These are just a couple of very basic examples—when it comes to the shell, the sky's the limit and people are constantly coming up with new uses for this functionality.

    Recording Your Screen's Output to a Video File
    This feature is new to Android 4.4 KitKat. It allows users to record screen activity to an MPEG-4 file, which you can then download.
    adb shell screenrecord <path-on-device-to-save-video-to>
    Running this command will start a screen recording that is saved locally on your device. The recording will continue until you stop it by hitting Ctrl+C, or automatically after three minutes of recording.
    Use-case: Creating a video presentation that involves using your Android device.
    Example: adb shell screenrecord /sdcard/Demo.mp4
    The video file that is created displays smoothly, and the actual act of recording the screen does not seem to adversely affect device performance.

    Now that you know what ADB is, and what you can do with it, go out and conquer the command line with confidence.

    Disclamer : This information was sources from various websites.

  2. Hanson Lee
    Marshmallow Feb 18, 2015

    esaurabh and Ceasedd like this.
  3. gusuraman
    Community Veteran Feb 18, 2015

  4. esaurabh
    Ice Cream Sandwich Feb 18, 2015

    Ceasedd likes this.
  5. sh3llshock
    KitKat Feb 18, 2015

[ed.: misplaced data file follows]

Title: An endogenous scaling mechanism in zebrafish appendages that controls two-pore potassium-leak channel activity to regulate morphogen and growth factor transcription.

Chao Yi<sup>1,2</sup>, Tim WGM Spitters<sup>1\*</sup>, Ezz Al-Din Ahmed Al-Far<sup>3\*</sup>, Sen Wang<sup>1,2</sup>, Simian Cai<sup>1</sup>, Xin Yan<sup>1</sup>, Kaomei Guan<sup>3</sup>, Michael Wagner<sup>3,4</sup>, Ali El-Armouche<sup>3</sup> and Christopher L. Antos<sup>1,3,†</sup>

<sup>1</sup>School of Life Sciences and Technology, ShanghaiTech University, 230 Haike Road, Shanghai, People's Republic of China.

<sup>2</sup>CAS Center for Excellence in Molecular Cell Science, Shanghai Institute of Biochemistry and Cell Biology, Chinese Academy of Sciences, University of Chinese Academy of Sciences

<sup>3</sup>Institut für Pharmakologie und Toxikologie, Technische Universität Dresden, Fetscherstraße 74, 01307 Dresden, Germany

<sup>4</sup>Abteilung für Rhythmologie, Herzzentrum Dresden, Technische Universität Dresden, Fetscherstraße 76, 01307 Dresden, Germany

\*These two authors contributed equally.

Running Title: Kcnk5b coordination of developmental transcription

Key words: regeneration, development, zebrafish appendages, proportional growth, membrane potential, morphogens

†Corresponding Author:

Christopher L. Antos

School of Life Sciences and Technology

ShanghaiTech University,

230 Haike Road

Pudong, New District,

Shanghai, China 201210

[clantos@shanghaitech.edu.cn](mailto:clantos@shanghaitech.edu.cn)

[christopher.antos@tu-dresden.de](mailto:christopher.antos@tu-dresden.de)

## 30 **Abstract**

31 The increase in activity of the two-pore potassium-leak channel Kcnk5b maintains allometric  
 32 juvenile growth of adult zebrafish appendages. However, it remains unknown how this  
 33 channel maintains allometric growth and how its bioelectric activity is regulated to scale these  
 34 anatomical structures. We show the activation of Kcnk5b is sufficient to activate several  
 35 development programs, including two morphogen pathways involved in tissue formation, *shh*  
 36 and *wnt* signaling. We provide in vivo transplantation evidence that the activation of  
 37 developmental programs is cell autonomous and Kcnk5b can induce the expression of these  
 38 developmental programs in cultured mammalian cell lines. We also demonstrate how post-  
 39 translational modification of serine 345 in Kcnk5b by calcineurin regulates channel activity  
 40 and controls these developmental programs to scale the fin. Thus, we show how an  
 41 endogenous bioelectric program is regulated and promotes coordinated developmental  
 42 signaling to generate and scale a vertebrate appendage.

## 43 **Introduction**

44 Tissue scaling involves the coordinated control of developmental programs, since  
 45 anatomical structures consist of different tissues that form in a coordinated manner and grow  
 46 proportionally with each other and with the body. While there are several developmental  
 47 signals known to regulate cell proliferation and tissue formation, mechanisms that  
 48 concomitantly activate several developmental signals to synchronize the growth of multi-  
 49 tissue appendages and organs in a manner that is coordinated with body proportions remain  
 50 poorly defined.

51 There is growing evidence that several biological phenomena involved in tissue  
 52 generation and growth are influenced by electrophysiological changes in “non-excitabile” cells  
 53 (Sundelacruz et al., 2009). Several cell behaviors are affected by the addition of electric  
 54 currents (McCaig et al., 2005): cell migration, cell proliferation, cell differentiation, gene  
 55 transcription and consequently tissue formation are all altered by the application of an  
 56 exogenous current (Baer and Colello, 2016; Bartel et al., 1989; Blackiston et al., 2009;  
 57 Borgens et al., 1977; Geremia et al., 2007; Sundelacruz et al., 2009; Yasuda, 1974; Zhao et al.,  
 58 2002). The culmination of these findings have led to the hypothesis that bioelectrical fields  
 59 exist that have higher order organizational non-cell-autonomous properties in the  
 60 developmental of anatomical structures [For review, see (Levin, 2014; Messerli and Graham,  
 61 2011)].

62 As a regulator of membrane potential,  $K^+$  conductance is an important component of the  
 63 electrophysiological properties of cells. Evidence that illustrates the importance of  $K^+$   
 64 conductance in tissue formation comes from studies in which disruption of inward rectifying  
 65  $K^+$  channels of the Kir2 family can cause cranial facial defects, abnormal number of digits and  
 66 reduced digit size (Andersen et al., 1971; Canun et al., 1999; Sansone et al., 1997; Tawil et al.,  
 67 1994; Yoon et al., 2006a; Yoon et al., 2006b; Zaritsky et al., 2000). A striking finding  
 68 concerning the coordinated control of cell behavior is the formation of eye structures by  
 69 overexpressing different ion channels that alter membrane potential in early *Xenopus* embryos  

6. sidlittlefield
    KitKat Feb 18, 2015

    Ceasedd and takeabyte like this.
  7. gmo8492
    Lollipop Feb 18, 2015

    Ceasedd likes this.
  8. DaxNagtegaal
    Marshmallow Feb 18, 2015

    Himanshu Sable likes this.
  9. ikbenben
    Gingerbread Feb 18, 2015

  10. B4kken
    Lollipop Feb 18, 2015

    B4kken , Feb 18, 2015 :
    This is something I've been curious about learning but haven't found a good guide yet.. Thanks! I'll read through this after work :)

  11. rrluvs
    Ice Cream Sandwich Feb 18, 2015

  12. wea3el
    Honeycomb Feb 18, 2015

    Ceasedd likes this.
  13. mreddy
    Gingerbread Feb 18, 2015

    Ceasedd likes this.
  14. Sandesire
    Jelly Bean Feb 18, 2015

  15. Funk Wizard
    Moderator Moderator Feb 18, 2015

    Dhrumin226 likes this.
    Gingerbread Feb 18, 2015

    Ceasedd likes this.
  17. awkward_potato
    Lollipop Feb 18, 2015

    Ceasedd likes this.
  18. thiazhangwei
    Honeycomb Feb 18, 2015

    thiazhangwei , Feb 18, 2015 :
    Thanks for the very informative guide! (Coming from someone who spent half an hour doing "adb shell wm density" because I had no idea what I was doing and what to install)

    Ceasedd likes this.
  19. AlphaX2025
    Honeycomb Feb 19, 2015

    Ceasedd likes this.
  20. takeabyte
    Ice Cream Sandwich Feb 19, 2015

    Ceasedd likes this.